41. Pop Levi - Never Never Love (Ninja Tune)

In the pages of The New Yorker, pop critic Sasha Frere-Jones opined that Levi was one iPod commercial from hitting it big on these shores. I don't know about that; after all, the straight-ahead T. Rex-ian glam stomp Levi emulates never really did carve out a foothold on these shores until it was polished-up and married to metal by erstwhile Aquanetted practitioners like Poision and Motley Crue. But given Levi's obvious tunesmithing abilities and pop ambitions, he may one day find himself rocking out in silhouette with a pair of white earbuds, and if Chairlift can move units when so situated, well, we're dumb fish if we don't take better bait.

40. Air France - No Way Down EP (Sincerely Yours)

Ah, Gothenberg, Sweden's twee-pop capital. Air France combine elements of techno, hip-hop, and mostly pop to create the aural equivalent of cotton candy skies on a night in June. Basically, if someone made an EP out of the Orb's "Little Fluffy Clouds" besides the Orb.

39. Guns N' Roses - Chinese Democracy (Geffen)

I'm not fucking kidding. After 17 years, Axl Rose emerged with an album that was not only superior to what everyone anticipated, but was actually a legitimate Guns N' Roses album - this is the true heir to the Use Your Illusion records, complicated and messy as they were. Yes, yes, Chinese Democracy has its share of overdubs, overproduction, and hyper-pretension, but if you open your heart, you'll discover that songs like "Shackler's Revenge", "Better", and "There Was a Time" (TWAT, geddit) fulfill the legacy. The return of the king – but where is the throne?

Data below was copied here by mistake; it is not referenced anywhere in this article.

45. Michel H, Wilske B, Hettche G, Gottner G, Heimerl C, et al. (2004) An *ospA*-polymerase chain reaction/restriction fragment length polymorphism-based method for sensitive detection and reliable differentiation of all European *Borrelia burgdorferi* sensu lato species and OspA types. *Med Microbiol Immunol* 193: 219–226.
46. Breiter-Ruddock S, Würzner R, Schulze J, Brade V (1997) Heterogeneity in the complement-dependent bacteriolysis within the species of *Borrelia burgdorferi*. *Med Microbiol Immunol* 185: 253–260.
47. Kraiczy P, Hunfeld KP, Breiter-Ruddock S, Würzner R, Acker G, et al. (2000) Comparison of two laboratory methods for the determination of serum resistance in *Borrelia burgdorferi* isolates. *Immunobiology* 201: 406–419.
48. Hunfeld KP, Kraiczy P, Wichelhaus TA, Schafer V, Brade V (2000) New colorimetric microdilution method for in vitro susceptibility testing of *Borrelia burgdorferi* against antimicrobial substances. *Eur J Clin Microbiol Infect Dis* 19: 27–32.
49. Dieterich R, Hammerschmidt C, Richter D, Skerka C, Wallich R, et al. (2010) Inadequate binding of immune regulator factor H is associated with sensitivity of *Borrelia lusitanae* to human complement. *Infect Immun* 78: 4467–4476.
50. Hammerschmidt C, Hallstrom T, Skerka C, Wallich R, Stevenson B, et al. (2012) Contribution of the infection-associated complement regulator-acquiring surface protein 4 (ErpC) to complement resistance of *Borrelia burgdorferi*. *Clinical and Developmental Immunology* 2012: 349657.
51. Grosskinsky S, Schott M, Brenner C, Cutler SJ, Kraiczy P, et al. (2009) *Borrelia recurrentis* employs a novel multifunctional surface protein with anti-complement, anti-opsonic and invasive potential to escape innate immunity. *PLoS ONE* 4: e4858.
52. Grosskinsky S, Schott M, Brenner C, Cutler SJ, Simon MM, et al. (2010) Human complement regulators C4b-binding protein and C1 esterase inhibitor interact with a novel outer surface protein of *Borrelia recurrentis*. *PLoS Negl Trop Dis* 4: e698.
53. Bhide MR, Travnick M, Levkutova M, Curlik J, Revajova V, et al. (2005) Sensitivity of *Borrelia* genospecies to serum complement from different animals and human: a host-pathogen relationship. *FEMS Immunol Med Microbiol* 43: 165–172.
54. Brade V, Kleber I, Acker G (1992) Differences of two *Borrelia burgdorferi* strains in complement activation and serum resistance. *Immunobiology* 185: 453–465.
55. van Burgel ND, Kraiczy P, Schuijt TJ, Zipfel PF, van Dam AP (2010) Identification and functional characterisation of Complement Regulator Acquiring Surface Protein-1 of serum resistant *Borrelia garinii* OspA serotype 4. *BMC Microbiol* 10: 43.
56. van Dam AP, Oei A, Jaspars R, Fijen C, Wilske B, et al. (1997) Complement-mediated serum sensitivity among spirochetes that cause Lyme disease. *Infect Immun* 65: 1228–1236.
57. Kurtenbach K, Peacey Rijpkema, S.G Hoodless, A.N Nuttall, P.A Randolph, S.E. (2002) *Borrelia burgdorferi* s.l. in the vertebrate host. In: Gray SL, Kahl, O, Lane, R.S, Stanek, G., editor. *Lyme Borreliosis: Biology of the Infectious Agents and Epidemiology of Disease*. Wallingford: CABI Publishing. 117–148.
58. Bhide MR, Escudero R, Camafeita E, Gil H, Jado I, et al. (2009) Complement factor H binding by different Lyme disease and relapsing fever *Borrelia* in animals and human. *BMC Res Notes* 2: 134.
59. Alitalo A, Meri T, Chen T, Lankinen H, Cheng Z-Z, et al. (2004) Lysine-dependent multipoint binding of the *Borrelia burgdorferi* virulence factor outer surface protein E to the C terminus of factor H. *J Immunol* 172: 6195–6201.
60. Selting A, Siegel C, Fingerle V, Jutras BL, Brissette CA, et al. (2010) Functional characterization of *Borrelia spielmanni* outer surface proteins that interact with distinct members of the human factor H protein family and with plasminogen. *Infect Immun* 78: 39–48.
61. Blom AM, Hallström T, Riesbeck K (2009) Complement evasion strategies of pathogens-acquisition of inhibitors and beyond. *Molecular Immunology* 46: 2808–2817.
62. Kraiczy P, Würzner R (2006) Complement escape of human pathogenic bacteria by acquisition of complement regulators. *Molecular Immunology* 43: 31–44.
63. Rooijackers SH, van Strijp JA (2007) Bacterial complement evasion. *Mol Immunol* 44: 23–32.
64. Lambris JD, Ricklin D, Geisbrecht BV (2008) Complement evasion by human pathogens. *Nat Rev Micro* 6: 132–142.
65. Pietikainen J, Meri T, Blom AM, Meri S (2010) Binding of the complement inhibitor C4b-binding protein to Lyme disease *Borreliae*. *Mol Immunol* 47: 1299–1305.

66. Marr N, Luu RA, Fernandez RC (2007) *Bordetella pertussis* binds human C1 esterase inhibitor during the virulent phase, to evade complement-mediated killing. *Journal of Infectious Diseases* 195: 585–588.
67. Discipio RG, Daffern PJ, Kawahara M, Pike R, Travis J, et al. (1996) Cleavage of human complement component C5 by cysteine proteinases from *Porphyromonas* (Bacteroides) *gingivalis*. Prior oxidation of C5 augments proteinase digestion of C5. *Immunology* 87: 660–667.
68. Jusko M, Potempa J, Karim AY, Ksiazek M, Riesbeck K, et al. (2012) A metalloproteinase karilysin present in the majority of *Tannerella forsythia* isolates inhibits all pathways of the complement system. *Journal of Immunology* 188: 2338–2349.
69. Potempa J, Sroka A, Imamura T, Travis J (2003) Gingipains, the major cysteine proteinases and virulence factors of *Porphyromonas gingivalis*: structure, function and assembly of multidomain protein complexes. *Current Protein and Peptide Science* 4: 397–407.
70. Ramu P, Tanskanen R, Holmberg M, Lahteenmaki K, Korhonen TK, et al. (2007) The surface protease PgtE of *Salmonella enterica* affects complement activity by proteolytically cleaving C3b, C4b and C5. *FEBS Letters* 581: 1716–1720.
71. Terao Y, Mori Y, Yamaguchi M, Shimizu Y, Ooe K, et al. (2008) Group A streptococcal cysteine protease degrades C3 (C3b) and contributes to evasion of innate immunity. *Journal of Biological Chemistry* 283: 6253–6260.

38. Silver Jews - Lookout Mountain, Lookout Sea (Drag City)

"Come see a legend while it's still bein' made," intones lead Jew Dave Berman on "Party Barge", the straight-up goofiest track on his latest sojourn into the recesses of his...uh...superego? A welcome respite from the creeping depression the lapped at the edges of 2005's Tanglewood Numbers, Berman comes here with, if not his most accomplished, then at least his most accessible set of rock tunes. Presumably, there's a point where functioning rockers, if they intend to have a longish career, can't treat every record as an opportunity for psychic disgorgement; I can't say if that's the case here (or was Berman's case ever), but if it is, disgorge more please. We're happy when you're happy.

37. Jamie Lidell - Jim (Warp)

More comfortable in his own skin, and with the idea that Warp won't drop him for being a straight-up r&b horndog, Lidell cuts loose on the aptly-titled Jim, giving his love to everyone. A joyous follow up to the skittering schizophrenia to Multiply, and further proof that constructs like genre and identity ought to be perceived less like boundaries and more like school buses to be jumped over with your nitrous-powered rocketbike.

36. Atlas Sound - Let the Blind Lead Those Who Can See But Cannot Feel (Kranky)